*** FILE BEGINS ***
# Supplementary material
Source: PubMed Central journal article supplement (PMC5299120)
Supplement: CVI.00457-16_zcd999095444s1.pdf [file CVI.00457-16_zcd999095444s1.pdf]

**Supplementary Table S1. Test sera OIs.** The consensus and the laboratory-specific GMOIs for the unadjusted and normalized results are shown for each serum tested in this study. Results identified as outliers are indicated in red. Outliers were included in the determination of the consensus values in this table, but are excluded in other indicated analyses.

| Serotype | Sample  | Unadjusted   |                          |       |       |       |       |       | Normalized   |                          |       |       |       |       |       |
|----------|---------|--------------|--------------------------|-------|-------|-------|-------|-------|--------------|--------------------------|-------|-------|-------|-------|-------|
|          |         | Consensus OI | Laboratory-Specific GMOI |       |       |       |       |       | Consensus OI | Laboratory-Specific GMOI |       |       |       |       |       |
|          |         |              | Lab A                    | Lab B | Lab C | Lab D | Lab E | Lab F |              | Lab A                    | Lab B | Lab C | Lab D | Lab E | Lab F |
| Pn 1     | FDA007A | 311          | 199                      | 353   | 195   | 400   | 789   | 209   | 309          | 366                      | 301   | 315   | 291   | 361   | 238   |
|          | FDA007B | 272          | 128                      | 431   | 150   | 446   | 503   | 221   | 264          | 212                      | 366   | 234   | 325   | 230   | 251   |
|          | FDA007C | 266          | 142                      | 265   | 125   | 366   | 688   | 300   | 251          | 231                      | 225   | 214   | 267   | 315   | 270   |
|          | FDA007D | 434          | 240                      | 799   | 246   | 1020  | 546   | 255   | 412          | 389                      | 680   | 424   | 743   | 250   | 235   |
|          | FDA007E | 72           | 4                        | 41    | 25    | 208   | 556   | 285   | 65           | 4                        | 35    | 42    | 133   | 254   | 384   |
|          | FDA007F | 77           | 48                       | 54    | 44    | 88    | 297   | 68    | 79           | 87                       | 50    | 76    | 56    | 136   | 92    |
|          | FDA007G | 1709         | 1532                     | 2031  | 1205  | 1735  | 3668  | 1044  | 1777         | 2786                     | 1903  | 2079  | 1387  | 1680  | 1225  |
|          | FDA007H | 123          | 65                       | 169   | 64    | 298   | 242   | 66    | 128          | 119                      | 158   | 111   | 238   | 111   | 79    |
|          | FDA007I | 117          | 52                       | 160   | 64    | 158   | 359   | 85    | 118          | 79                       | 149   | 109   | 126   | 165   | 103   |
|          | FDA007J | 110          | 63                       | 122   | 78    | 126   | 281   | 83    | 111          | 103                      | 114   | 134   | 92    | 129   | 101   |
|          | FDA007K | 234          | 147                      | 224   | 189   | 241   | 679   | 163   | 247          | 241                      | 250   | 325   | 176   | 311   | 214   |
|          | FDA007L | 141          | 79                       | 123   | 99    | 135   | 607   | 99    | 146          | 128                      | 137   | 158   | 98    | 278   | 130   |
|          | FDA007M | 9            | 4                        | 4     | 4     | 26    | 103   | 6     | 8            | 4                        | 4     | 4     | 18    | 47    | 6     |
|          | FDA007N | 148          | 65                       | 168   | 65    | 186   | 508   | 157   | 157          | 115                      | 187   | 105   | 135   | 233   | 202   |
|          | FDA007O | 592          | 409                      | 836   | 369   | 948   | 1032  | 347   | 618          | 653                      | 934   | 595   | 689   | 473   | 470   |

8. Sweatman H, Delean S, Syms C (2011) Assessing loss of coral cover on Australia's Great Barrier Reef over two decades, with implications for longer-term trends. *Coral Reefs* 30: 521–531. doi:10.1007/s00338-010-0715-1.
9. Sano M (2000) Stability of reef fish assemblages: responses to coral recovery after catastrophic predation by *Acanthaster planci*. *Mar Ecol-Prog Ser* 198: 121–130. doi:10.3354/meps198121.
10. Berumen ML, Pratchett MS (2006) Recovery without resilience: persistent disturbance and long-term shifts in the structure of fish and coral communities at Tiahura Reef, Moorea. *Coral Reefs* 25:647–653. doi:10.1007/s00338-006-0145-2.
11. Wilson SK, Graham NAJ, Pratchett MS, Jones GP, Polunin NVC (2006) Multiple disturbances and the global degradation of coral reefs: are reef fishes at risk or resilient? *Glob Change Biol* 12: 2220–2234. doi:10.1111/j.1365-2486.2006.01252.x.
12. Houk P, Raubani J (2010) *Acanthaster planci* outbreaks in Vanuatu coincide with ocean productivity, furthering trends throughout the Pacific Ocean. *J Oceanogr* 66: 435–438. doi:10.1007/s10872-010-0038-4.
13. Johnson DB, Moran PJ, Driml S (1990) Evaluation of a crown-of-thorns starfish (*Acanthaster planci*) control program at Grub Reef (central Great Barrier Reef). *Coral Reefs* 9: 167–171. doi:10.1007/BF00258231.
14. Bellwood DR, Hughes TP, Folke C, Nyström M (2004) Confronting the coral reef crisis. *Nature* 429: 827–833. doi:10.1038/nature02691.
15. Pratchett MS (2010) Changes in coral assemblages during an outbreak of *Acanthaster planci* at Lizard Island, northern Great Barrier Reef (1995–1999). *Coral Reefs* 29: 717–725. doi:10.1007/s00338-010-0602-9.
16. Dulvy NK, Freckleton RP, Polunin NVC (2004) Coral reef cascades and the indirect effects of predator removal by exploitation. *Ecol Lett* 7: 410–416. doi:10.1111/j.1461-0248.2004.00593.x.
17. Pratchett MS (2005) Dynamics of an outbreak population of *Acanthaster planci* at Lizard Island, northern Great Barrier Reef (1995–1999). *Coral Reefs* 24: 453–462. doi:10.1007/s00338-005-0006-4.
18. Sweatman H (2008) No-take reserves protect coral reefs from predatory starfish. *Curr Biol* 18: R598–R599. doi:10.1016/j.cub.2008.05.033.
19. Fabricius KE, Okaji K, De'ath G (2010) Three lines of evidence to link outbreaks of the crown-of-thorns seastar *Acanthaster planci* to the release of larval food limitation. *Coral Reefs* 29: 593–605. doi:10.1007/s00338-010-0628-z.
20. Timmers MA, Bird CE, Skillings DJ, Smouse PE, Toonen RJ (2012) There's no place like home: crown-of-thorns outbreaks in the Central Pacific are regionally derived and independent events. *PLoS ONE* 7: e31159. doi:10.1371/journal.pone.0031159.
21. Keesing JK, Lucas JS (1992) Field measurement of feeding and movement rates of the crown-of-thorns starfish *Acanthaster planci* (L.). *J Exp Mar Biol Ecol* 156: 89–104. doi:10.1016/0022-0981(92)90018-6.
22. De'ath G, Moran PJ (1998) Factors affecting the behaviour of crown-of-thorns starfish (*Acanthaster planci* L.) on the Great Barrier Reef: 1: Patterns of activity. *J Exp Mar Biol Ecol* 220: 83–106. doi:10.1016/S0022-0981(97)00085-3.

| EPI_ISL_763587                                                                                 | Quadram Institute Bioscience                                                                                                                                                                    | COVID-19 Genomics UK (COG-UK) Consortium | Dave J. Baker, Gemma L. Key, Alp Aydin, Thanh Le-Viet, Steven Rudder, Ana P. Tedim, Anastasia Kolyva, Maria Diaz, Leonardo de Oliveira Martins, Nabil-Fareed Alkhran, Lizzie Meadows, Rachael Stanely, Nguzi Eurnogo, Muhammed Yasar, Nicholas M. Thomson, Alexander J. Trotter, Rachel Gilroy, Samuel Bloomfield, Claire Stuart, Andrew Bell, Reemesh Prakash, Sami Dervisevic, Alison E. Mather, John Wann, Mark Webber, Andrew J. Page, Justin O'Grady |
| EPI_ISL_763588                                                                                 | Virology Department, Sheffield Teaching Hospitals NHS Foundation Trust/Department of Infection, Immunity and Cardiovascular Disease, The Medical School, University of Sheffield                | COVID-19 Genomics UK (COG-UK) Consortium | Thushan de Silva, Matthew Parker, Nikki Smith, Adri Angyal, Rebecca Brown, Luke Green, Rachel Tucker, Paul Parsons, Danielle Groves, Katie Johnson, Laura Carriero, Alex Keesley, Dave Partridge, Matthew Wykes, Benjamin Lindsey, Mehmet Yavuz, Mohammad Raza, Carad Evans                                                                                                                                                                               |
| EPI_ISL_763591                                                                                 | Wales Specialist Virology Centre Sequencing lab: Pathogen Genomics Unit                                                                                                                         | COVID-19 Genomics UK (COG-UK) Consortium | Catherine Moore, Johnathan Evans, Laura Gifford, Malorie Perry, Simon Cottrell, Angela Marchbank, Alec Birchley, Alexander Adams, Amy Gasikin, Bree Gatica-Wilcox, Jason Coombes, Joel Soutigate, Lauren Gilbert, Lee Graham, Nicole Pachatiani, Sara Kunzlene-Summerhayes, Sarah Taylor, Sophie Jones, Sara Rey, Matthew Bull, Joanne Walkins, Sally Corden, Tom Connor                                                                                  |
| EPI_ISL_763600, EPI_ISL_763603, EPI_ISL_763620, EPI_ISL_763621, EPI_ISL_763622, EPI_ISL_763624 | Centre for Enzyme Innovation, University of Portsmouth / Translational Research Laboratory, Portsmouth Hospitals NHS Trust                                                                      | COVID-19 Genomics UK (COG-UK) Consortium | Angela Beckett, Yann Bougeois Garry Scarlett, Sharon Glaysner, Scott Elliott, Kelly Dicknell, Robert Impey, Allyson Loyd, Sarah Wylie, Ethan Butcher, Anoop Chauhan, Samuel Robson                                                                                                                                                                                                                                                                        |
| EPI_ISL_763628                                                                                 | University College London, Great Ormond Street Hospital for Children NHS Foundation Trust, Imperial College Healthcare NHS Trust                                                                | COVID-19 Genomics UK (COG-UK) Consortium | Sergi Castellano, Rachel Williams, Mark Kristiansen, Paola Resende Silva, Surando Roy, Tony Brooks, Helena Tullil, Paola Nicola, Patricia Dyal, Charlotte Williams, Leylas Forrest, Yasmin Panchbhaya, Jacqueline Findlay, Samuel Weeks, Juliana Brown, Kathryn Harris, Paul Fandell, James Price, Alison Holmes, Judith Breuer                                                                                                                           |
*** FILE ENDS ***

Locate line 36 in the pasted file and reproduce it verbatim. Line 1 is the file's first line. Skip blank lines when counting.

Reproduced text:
20. Timmers MA, Bird CE, Skillings DJ, Smouse PE, Toonen RJ (2012) There's no place like home: crown-of-thorns outbreaks in the Central Pacific are regionally derived and independent events. *PLoS ONE* 7: e31159. doi:10.1371/journal.pone.0031159.